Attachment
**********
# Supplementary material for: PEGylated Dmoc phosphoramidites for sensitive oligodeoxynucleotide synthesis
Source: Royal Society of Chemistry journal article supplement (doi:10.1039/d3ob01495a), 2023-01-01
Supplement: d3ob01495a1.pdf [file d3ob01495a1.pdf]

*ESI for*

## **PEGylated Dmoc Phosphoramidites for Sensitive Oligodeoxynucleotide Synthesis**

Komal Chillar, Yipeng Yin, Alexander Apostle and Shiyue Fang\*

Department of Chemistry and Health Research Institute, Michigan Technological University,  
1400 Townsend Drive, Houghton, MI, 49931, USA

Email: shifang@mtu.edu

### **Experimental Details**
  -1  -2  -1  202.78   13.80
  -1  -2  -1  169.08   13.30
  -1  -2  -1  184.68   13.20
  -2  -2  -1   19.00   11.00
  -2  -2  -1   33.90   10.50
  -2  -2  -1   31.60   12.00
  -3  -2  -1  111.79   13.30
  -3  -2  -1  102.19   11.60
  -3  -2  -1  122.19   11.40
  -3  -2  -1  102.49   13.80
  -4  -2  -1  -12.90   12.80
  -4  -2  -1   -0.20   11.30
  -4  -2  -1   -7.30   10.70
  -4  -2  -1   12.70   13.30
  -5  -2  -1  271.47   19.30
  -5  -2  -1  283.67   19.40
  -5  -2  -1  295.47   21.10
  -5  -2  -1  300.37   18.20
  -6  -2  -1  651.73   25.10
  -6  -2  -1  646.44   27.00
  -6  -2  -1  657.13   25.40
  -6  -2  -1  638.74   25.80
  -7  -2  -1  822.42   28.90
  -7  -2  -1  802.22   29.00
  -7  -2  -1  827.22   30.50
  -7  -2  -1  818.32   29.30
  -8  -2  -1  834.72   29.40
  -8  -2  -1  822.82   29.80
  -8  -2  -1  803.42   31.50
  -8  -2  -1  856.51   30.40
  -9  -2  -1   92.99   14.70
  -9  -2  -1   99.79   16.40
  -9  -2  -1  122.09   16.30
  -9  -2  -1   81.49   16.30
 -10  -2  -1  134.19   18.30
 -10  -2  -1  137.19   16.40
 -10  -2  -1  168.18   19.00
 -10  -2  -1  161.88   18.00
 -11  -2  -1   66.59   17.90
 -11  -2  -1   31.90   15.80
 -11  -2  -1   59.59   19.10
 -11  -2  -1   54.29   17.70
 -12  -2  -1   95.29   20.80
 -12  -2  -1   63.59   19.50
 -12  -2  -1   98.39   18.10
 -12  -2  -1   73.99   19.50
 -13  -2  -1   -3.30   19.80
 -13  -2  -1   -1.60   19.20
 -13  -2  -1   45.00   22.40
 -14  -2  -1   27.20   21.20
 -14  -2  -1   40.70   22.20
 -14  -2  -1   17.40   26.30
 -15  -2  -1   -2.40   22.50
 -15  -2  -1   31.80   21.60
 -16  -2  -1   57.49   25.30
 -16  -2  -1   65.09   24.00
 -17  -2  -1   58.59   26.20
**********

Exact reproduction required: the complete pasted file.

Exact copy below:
# Supplementary material for: PEGylated Dmoc phosphoramidites for sensitive oligodeoxynucleotide synthesis
Source: Royal Society of Chemistry journal article supplement (doi:10.1039/d3ob01495a), 2023-01-01
Supplement: d3ob01495a1.pdf [file d3ob01495a1.pdf]

*ESI for*

## **PEGylated Dmoc Phosphoramidites for Sensitive Oligodeoxynucleotide Synthesis**

Komal Chillar, Yipeng Yin, Alexander Apostle and Shiyue Fang\*

Department of Chemistry and Health Research Institute, Michigan Technological University,  
1400 Townsend Drive, Houghton, MI, 49931, USA

Email: shifang@mtu.edu

### **Experimental Details**
  -1  -2  -1  202.78   13.80
  -1  -2  -1  169.08   13.30
  -1  -2  -1  184.68   13.20
  -2  -2  -1   19.00   11.00
  -2  -2  -1   33.90   10.50
  -2  -2  -1   31.60   12.00
  -3  -2  -1  111.79   13.30
  -3  -2  -1  102.19   11.60
  -3  -2  -1  122.19   11.40
  -3  -2  -1  102.49   13.80
  -4  -2  -1  -12.90   12.80
  -4  -2  -1   -0.20   11.30
  -4  -2  -1   -7.30   10.70
  -4  -2  -1   12.70   13.30
  -5  -2  -1  271.47   19.30
  -5  -2  -1  283.67   19.40
  -5  -2  -1  295.47   21.10
  -5  -2  -1  300.37   18.20
  -6  -2  -1  651.73   25.10
  -6  -2  -1  646.44   27.00
  -6  -2  -1  657.13   25.40
  -6  -2  -1  638.74   25.80
  -7  -2  -1  822.42   28.90
  -7  -2  -1  802.22   29.00
  -7  -2  -1  827.22   30.50
  -7  -2  -1  818.32   29.30
  -8  -2  -1  834.72   29.40
  -8  -2  -1  822.82   29.80
  -8  -2  -1  803.42   31.50
  -8  -2  -1  856.51   30.40
  -9  -2  -1   92.99   14.70
  -9  -2  -1   99.79   16.40
  -9  -2  -1  122.09   16.30
  -9  -2  -1   81.49   16.30
 -10  -2  -1  134.19   18.30
 -10  -2  -1  137.19   16.40
 -10  -2  -1  168.18   19.00
 -10  -2  -1  161.88   18.00
 -11  -2  -1   66.59   17.90
 -11  -2  -1   31.90   15.80
 -11  -2  -1   59.59   19.10
 -11  -2  -1   54.29   17.70
 -12  -2  -1   95.29   20.80
 -12  -2  -1   63.59   19.50
 -12  -2  -1   98.39   18.10
 -12  -2  -1   73.99   19.50
 -13  -2  -1   -3.30   19.80
 -13  -2  -1   -1.60   19.20
 -13  -2  -1   45.00   22.40
 -14  -2  -1   27.20   21.20
 -14  -2  -1   40.70   22.20
 -14  -2  -1   17.40   26.30
 -15  -2  -1   -2.40   22.50
 -15  -2  -1   31.80   21.60
 -16  -2  -1   57.49   25.30
 -16  -2  -1   65.09   24.00
 -17  -2  -1   58.59   26.20